Most students won’t have the content or skills they need for grade-level courses. Many kids will have experienced deep and lasting trauma. Some students with disabilities will have missed months of therapeutic services. A significant number of students will be missing or homeless.
To comply with health guidelines, educators will almost certainly be forced to limit the number of students in classrooms and on buses.
Schools will have to continue teaching online for some students, for part of the day, or if schools must close again due to regional infections.
The economic slowdown will mean bare-bones school budgets and teacher layoffs. We are hearing estimates of overall 10 to 30 percent cuts to state budgets. This could mean an average loss of $800 to $2400 per student. Researchers at Georgetown University estimate the recent federal stimulus bill will provide about $270 per pupil—not nearly enough to fill the gap.
These financial impacts will continue for years, until states’ economies fully recover. And they will hit high-poverty schools the hardest. Schools with large concentrations of low-income students typically have more new teachers. They will bear the brunt of seniority-based layoffs unless policymakers act.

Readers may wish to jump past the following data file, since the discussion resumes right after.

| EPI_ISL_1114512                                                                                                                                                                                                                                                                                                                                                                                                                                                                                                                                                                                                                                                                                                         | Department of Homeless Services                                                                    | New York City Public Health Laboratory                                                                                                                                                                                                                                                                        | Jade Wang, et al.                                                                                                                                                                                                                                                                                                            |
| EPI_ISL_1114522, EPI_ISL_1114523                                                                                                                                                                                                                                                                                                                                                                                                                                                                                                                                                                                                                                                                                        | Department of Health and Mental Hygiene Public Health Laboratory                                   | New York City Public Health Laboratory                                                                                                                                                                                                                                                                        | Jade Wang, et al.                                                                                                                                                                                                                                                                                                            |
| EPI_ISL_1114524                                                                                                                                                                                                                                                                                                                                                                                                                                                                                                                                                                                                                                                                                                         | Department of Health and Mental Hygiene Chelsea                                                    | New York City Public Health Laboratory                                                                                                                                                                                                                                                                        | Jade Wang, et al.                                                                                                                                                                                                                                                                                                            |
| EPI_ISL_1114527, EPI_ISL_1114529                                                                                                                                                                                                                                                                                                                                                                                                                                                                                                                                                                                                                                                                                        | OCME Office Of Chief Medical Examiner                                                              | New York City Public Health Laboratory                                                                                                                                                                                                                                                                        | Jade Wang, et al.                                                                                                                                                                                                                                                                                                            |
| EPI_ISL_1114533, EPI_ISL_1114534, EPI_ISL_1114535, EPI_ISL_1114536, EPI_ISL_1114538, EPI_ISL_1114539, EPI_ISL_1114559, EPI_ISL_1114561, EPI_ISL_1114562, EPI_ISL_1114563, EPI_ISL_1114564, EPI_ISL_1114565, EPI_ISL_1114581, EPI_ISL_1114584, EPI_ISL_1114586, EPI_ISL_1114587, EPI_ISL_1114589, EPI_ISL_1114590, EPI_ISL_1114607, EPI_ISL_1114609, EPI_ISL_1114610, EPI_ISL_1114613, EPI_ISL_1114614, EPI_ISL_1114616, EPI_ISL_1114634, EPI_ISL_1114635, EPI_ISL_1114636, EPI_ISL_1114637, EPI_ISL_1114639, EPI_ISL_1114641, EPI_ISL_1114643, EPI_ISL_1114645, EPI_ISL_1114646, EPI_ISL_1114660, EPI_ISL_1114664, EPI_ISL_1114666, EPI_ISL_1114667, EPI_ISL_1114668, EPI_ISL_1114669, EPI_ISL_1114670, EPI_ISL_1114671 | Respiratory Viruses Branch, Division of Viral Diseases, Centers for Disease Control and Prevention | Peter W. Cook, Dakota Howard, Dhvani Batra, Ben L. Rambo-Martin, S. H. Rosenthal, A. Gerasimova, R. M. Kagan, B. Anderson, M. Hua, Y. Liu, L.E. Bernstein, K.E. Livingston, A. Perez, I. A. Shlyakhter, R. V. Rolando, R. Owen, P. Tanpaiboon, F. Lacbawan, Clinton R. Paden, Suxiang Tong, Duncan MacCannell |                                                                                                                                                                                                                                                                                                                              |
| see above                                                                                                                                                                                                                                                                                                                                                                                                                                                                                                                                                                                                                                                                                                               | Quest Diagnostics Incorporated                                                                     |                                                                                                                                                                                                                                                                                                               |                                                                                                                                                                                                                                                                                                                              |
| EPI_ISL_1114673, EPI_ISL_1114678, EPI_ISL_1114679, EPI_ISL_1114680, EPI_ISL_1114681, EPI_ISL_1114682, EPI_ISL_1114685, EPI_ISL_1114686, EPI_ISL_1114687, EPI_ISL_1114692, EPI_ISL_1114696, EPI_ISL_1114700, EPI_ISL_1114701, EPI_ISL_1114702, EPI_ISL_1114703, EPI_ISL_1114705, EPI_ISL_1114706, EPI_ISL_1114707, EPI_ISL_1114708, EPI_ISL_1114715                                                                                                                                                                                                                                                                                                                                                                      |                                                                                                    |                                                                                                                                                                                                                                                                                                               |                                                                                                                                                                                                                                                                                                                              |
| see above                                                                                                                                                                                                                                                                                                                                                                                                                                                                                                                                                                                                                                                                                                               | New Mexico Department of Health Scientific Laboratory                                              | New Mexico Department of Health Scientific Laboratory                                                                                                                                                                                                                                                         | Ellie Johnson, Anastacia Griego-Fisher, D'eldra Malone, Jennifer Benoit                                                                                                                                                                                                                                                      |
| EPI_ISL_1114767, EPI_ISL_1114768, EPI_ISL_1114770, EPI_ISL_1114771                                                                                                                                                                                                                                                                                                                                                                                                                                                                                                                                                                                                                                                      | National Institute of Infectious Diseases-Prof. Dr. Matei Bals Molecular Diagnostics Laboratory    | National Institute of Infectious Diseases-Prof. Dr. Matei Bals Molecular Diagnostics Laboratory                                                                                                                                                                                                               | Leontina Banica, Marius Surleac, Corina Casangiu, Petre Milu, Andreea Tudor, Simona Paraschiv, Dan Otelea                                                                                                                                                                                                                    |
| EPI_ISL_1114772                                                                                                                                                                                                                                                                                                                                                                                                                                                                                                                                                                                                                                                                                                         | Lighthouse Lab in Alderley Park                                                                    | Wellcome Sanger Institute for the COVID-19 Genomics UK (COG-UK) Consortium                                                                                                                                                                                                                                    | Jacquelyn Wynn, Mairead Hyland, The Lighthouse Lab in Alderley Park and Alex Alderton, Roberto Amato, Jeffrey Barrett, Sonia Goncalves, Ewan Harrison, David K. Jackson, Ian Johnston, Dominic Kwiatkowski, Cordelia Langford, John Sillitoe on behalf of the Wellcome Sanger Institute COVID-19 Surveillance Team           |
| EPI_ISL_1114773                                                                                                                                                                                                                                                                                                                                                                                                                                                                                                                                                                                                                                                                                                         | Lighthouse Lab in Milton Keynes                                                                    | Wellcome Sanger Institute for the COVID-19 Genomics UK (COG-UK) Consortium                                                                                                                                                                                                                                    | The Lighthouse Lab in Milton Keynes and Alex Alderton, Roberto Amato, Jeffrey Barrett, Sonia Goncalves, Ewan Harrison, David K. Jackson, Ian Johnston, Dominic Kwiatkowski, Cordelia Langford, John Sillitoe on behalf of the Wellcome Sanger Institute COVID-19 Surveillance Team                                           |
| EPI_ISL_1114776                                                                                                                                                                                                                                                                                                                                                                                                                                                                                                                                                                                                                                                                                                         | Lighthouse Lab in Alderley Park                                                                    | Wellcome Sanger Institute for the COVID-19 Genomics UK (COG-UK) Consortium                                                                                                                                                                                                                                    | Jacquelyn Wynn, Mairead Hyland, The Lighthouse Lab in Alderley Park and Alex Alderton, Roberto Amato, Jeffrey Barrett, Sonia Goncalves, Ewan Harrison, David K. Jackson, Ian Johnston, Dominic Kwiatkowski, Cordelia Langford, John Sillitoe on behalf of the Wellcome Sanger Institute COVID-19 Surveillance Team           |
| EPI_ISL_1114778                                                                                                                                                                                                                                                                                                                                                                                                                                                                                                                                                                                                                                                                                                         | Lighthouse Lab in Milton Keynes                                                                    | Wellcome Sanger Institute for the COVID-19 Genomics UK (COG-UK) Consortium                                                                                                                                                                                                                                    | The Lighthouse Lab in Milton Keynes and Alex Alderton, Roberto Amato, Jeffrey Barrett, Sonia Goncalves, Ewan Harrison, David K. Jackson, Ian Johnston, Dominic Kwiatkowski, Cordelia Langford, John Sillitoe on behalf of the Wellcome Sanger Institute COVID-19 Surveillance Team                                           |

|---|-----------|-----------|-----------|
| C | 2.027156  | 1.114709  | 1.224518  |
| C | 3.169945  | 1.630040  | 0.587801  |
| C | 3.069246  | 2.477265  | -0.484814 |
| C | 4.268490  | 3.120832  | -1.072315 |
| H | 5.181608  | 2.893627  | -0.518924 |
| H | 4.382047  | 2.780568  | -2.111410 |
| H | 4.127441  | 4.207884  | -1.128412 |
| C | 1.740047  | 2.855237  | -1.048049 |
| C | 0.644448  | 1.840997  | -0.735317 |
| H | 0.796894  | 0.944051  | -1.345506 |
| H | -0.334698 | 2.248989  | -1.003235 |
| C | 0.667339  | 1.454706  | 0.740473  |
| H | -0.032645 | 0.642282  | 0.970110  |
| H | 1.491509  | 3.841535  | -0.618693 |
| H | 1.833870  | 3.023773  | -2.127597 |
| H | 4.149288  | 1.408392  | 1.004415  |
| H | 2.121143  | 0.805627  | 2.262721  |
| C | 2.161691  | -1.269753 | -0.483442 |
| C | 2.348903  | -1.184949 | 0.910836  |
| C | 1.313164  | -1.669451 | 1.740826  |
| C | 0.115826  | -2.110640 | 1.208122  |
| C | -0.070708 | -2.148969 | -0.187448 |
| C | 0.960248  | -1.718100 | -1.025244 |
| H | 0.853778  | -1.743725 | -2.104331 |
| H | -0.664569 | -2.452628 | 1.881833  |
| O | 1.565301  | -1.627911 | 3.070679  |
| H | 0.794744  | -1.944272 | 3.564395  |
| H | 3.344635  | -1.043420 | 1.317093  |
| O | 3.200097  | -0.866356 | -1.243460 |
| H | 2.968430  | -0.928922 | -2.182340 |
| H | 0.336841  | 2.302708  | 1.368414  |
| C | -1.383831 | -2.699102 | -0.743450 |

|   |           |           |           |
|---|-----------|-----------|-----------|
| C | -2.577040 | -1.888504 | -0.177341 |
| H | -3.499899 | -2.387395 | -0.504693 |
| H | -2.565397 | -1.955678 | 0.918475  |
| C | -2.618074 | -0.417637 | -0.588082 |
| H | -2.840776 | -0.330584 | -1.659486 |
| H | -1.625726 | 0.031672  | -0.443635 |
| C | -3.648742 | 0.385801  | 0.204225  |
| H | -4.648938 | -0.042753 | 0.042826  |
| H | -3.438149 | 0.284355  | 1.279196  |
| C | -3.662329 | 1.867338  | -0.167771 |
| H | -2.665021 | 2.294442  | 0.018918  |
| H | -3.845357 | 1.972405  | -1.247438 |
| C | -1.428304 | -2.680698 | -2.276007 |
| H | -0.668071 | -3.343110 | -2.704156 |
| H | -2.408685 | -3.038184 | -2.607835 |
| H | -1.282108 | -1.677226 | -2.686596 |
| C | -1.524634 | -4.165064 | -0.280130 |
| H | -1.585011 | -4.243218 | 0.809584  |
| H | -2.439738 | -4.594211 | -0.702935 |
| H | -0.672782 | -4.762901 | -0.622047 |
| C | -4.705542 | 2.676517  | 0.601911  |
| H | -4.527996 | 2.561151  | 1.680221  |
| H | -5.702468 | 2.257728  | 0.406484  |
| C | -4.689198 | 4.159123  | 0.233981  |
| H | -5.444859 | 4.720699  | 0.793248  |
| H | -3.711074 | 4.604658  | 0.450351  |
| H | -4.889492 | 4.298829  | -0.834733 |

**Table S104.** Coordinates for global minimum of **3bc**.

Unless we get serious about flattening the learning loss curve, our educators will be overwhelmed, and too many students could go into academic death spirals.
There is no way to buy our way out of this problem. More federal funding will almost certainly be needed, but it will be imperative that every dollar is spent on evidence-based solutions. Educators and school system leaders will have to shift and adapt quickly, bringing their greatest creativity and problem-solving capacities to the table.
Flattening the learning loss curve is possible despite these unprecedented challenges. But we need a nationwide mobilization.
Governors, state education chiefs, and school districts will have to coordinate their efforts to 1) limit learning loss now and over the summer with intensive tutoring around core skills, 2) assess and prioritize the greatest needs, including students with special needs and those who struggled in the online environment, and 3) use evidence and adapt the ways schools teach and support kids next year: policies and practices will have to shift rapidly on behalf of kids.
New federal and state money will almost certainly be needed to ensure every student can get online.